Multidrug resistant bacteria inside a biofilm
Antibiotic resistant bacteria inside a biofilm, 3D illustration. Biofilm is a community of bacteria where they aquire antibiotic resistance and communicate with each other by quorum sensing molecules
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Genetic Analysis of Coordinate Flagellar and Type III Regulatory Circuits in Pathogenic Bacteria

Second International Conference on Design & Nature, Rhodes Greece. Download PDF at WIT Press

Abstract: The bacterial flagellum represents one of the best understood molecular machines. Comprised of 40 parts that self-assemble into a true rotary engine, the biochemistry and genetics of these systems has revealed an unanticipated complexity. An essential component to assembly is the subset of parts that function as a protein secretory pump to ensure and discriminate that the correct number of protein subunits and their order of secretion is precisely regulated during assembly. Of further interest is the recognition of late that a number of important plant and animal pathogens use a related protein secretory pump fused to a membrane-spanning needle-like syringe by which a subset of toxins can be injected into target host cells. Together, the flagellar and virulence protein pumps are referred to as Type III Secretion Systems (TTSS). The archetype for TTSS systems has been the pathogenic members of the genus Yersinia which includes the organism responsible for bubonic plague, Y. pestis. Our interest in the Yersinia centers on the coordinate genetic regulation between flagellum biosynthesis and virulence TTSS expression. Y. enterocolitica, for example operates three TTSSs (motility, Ysa, and Yop), but each is expressed under defined mutually exclusive conditions. Y. pestis has lost the ability to assemble flagella (the genes are present on the chromosome) and expresses only the Yop system at 37oC, mammalian temperature. Using a combination of microarray analysis, genetic fusions, and behaviors of specific engineered mutants, we demonstrate how environmental factors influence gene expression of these multigene families, where the influence is exerted within each system, and propose why segregating these systems is critical for the organism. Our model further offers an explanation as to why an important subset of human pathogens has lost motility during their histories.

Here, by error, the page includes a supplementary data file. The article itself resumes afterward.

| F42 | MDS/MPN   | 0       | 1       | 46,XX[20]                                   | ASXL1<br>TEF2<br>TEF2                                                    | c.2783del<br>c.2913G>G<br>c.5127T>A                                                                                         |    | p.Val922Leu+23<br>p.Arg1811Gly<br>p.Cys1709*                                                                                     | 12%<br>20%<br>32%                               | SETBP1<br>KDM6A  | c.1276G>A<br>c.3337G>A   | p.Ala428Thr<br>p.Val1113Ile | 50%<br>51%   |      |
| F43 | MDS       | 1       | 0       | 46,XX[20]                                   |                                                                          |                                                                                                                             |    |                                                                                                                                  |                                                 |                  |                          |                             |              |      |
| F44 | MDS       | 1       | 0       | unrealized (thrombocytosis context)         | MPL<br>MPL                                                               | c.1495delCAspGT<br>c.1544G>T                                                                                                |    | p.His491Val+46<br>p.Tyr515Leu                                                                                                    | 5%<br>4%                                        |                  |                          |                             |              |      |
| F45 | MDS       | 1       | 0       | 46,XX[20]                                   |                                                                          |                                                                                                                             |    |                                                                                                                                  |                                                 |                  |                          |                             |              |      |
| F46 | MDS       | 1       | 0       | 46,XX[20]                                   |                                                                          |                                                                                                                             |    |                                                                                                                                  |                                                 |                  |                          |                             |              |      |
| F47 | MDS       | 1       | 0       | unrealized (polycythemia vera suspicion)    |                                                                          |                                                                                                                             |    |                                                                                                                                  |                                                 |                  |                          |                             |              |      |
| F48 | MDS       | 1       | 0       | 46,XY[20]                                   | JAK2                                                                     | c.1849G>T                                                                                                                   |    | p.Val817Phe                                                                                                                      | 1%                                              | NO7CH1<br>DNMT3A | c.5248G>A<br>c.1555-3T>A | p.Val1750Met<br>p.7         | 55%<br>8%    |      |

Scott Minnich

Scott Minnich holds a Ph.D. from Iowa State University and is currently a professor of microbiology at the University of Idaho and is a senior fellow at the Discovery Institute's Center for Science and Culture.